Camden was not always America’s poorest, most crime-ridden city, with scores of open-air drug markets driving children indoors and property values to bedrock lows. Yet when the New Jersey city’s collapse came, it was stark and complete. Civic mismanagement, soaring crime rates, and the flight of business all contributed to Camden’s precipitous decline, the city a victim of industrial forces that shaped the 20th century and left residents stranded. Surrounded by affluent suburbs, Camden shows an ugly face of America that many would rather ignore.
How bad is the crime problem?
Camden had the highest crime rate of any city in the country in 2011, according to a review of FBI data by CQ Press. It’s not just the number, but the desperation and gruesomeness of the crimes that is startling. A mother who decapitated her 2-year-old son and a man who killed a 6-year-old boy accounted for but two of the city’s record number of murders in 2012. At the same time, the drug problem has continued to grow, with an estimated 175 open-air drug markets scattered across the crumbling city. Now, officials are planning to disband the more than 140-year-old police force and replace it with county cops, due to arrive in April. There were nearly 70 murders in the city in 2012, almost one for every 1,000 people.
How poor are the people?
Among the nation’s poorest, according to 2011 census data, with 42.5 percent of the city’s 77,000 residents thought to be living below the poverty line. The city's median household income was $21,191, lowest among the cities surveyed by the U.S. Census. And this is in one of the nation’s richest states. Children in Camden were far more likely than children in the surrounding county or state to live in poverty according to a 2007 report by the Legal Services of New Jersey.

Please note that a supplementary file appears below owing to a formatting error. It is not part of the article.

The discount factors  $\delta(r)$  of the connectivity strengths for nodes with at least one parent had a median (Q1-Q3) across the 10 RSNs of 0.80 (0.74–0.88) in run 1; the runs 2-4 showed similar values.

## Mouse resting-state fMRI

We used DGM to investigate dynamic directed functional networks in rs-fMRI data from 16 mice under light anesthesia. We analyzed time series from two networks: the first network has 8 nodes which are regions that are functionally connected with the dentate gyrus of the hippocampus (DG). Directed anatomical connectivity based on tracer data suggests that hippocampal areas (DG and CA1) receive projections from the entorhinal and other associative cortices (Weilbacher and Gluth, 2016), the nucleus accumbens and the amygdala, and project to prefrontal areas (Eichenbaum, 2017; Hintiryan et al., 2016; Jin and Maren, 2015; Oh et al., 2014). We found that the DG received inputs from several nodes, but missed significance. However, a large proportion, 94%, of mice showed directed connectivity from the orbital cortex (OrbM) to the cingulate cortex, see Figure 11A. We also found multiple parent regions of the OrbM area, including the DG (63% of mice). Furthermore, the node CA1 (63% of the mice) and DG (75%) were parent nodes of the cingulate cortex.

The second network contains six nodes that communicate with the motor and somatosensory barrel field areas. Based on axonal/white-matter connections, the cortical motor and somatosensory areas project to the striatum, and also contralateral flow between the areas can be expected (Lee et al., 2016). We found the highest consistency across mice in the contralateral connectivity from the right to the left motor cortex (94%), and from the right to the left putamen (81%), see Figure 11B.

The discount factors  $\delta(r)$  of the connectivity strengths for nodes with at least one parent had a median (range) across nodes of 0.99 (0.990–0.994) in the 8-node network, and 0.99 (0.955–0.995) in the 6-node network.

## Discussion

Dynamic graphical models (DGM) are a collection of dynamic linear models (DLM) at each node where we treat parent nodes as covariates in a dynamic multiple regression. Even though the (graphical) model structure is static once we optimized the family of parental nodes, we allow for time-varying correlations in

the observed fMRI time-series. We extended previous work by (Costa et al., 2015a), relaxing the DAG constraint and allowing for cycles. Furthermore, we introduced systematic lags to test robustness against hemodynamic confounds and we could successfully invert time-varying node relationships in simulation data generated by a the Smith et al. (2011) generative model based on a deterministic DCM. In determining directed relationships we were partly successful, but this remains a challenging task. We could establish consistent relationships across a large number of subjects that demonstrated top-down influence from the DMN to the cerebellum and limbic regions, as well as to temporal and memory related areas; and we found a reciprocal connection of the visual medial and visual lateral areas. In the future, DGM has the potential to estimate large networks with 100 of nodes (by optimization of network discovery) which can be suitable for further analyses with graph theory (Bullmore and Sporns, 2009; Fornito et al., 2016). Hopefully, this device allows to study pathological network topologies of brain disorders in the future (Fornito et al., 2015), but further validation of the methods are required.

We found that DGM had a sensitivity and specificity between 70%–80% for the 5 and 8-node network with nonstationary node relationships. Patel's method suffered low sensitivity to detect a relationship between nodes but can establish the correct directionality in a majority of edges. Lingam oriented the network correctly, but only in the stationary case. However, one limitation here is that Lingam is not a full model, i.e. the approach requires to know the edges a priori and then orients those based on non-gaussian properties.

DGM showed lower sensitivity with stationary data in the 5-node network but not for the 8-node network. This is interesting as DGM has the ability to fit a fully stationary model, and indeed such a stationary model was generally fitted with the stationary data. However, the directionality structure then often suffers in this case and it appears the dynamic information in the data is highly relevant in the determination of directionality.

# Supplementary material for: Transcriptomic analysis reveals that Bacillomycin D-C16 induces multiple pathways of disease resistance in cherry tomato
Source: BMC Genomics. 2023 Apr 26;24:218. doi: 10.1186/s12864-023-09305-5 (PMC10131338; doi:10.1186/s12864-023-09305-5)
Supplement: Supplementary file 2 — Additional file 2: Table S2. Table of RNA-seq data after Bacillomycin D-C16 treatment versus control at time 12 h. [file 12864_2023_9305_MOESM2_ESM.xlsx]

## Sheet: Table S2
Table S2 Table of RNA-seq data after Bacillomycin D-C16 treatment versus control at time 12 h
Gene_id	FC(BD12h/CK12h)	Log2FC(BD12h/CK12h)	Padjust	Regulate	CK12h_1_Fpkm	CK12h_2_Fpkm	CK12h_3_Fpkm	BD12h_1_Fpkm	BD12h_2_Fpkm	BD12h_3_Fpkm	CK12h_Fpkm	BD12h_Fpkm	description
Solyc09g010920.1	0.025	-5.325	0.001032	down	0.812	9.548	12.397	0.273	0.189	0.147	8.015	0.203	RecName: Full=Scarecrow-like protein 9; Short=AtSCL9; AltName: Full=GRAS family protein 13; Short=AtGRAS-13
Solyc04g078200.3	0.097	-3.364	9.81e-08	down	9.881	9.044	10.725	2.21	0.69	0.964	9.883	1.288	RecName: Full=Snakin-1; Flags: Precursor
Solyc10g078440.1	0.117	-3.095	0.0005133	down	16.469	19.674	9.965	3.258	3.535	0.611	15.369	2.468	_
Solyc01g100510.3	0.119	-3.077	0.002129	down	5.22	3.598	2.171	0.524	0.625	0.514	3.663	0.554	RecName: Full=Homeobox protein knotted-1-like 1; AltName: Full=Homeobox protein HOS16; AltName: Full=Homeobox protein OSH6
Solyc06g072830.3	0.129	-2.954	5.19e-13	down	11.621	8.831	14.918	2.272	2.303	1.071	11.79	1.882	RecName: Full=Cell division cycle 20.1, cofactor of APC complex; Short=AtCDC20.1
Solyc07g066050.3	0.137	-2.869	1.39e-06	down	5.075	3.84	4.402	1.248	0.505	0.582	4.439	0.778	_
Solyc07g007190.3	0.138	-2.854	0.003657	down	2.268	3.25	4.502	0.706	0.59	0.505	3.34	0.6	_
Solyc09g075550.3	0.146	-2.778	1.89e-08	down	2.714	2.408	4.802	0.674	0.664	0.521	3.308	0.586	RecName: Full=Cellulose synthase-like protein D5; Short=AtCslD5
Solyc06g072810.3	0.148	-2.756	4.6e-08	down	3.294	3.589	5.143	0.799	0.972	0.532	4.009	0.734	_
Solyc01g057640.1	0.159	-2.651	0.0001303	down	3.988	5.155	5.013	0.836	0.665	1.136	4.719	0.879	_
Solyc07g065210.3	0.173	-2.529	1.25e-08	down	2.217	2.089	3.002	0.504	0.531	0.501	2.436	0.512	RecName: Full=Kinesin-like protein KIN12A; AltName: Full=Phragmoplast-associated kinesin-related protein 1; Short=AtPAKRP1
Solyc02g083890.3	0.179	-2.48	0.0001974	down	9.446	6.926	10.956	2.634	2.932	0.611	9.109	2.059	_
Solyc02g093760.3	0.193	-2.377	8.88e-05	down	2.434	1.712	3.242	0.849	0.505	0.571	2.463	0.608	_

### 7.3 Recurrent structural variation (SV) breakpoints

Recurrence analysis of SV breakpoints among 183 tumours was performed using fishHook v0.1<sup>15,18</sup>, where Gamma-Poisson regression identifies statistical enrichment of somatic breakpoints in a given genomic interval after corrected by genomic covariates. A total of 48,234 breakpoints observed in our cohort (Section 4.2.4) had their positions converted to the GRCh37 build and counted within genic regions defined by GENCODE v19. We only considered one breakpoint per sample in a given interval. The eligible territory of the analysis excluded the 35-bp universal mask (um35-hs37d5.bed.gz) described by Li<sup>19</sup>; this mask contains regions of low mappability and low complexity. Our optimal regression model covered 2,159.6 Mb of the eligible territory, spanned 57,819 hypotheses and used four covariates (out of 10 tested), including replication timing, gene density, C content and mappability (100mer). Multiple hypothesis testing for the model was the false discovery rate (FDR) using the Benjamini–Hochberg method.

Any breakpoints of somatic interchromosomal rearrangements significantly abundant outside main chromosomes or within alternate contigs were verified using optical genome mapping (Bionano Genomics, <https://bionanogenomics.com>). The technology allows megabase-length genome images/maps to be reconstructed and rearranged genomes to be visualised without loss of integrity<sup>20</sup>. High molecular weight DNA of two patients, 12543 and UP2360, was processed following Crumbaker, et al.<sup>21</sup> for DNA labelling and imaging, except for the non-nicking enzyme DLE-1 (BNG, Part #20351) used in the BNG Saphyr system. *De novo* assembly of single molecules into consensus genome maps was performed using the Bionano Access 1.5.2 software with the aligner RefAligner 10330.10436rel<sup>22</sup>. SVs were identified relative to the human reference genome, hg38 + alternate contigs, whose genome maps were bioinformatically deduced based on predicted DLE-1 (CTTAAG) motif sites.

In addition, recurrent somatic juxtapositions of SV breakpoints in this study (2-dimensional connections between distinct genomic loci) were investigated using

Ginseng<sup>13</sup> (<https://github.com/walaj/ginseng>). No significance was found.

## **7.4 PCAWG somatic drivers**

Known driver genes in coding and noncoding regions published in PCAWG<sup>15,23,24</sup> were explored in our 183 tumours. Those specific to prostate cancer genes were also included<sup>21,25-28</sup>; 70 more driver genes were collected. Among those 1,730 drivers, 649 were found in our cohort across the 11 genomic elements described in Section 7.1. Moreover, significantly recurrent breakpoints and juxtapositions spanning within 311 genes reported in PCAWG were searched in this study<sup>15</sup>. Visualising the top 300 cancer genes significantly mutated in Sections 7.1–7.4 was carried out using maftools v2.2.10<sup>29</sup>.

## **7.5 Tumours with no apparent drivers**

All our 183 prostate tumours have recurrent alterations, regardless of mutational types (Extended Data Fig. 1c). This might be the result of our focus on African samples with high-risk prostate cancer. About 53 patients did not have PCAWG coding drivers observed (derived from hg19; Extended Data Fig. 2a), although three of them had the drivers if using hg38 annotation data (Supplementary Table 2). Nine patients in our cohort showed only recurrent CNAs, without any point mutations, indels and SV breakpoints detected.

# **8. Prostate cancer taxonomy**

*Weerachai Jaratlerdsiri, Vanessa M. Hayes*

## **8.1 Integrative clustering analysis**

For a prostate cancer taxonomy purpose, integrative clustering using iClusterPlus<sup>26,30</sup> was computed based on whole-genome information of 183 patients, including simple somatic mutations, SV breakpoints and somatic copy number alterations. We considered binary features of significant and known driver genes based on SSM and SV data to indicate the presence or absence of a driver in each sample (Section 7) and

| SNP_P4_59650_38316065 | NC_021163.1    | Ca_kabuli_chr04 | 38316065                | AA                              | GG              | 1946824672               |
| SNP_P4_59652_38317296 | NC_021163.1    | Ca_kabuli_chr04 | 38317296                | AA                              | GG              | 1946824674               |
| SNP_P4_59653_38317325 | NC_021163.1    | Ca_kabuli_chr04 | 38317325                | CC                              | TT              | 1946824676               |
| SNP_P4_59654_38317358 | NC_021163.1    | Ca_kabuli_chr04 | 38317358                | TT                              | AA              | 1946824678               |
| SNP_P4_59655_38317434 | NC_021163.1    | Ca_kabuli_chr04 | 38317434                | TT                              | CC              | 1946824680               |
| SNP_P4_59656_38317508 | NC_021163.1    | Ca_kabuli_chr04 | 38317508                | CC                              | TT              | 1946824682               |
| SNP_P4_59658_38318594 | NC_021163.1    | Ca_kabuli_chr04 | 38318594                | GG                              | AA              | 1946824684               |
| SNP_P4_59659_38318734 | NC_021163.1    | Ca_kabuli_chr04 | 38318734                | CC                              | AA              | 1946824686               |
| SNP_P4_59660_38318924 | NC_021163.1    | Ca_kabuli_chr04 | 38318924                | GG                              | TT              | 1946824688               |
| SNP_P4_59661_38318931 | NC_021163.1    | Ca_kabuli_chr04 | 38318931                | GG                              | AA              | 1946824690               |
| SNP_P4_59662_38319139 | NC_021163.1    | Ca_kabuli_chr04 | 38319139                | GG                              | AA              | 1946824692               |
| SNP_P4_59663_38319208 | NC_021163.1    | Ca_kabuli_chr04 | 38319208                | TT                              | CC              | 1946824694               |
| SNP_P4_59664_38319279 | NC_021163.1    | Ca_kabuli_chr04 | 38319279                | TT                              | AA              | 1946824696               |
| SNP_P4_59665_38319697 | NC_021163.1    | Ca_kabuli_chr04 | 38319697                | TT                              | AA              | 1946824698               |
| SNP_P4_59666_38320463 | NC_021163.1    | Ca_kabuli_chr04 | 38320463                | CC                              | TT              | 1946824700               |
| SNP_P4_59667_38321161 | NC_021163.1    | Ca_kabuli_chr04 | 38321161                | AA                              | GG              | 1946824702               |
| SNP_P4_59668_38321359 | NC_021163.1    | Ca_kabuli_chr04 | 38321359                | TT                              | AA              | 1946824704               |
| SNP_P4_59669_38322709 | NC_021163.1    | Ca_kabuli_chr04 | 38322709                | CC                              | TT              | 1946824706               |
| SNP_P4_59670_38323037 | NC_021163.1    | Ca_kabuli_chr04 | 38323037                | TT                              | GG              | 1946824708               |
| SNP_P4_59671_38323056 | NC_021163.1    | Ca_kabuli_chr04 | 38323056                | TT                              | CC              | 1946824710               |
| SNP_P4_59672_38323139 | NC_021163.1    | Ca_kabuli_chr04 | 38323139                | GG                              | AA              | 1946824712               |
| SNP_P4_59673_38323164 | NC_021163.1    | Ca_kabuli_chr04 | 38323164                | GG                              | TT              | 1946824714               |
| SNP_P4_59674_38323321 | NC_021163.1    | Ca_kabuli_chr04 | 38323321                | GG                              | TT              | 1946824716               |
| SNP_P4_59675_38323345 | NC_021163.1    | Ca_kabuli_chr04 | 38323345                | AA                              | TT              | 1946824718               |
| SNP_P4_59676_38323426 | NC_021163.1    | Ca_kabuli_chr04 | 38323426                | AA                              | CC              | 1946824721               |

What about education?
A set of charter schools have made some inroads in the city, but the problems for most students remain dire. The graduation rate for Camden high school students was just 49 percent in 2012, according to the state Department of Education. The problem isn't even money, as Camden spent $19,204 per student in the 2011-12 school year, according to the state education department’s Education Funding Report. However, only 1.4 percent of the city’s students met the state’s College-Readiness Benchmark, the report noted.
Compounding the problem is that plenty of children aren’t getting basic nutrition before showing up in the classroom, said Michael Moynihan, president at the United Way of Camden County. “If kids don’t eat breakfast, they can’t learn,” Moynihan said. A pilot breakfast program at six schools started by the United Way shot up to include 84 percent of eligible students, and may be expanded to the rest of the city’s 26 schools.
Where did business go?
Once an industrial boomtown, Camden fell victim to the same post-World War II forces that shuttered factories and ravaged cities like Detroit and neighboring Philadelphia. Without other industries to fall back on, the city has never recovered from the economic blow. “Camden was particularly vulnerable,” said Paul Jargowsky, director of the Center for Urban Research and Education at Rutgers University. “There really was nothing else other than Campbell Soup and the shipyards and RCA Victor.”
What have politicians done?
In the cases of at least three mayors in the last 30 years, the most noteworthy thing politicians have done is go to jail. The scandalous streak began with Angelo Errichetti, a son of the city and former Camden high school footballer who was caught up in the government’s Abscam probe – an FBI sting that targeted public corruption – and convicted of bribery in 1983. Arnold Webster served as mayor from 1994 to 1997 before pleading guilty to fraud charges in 1998. Webster’s successor, Milton Milan, was sentenced to more than seven years in federal prison in 2001 on bribery, money laundering, and racketeering charges.
Can the city recover?
Much of the development that has occurred in recent years has grown up around the healthcare and education industries, including the city’s Rutgers campus and Cooper University Hospital. “There are some pockets of real progress and there are some very visible neighborhood transformations that have occurred,” Moynihan said. “There are other neighborhoods that still have whole blocks of boarded up or long-vacant houses that serve as places for squatters, for drug users, for all sorts of risky behaviors.”
While the city’s population has suffered over the last two decades, it may be the most stubborn residents that drag it back, Jargowsky said. “I think a lot of people are very committed to seeing people come back,” he said. “Among my students who live in the city, they’re very committed to wanting the city to have a renaissance.”
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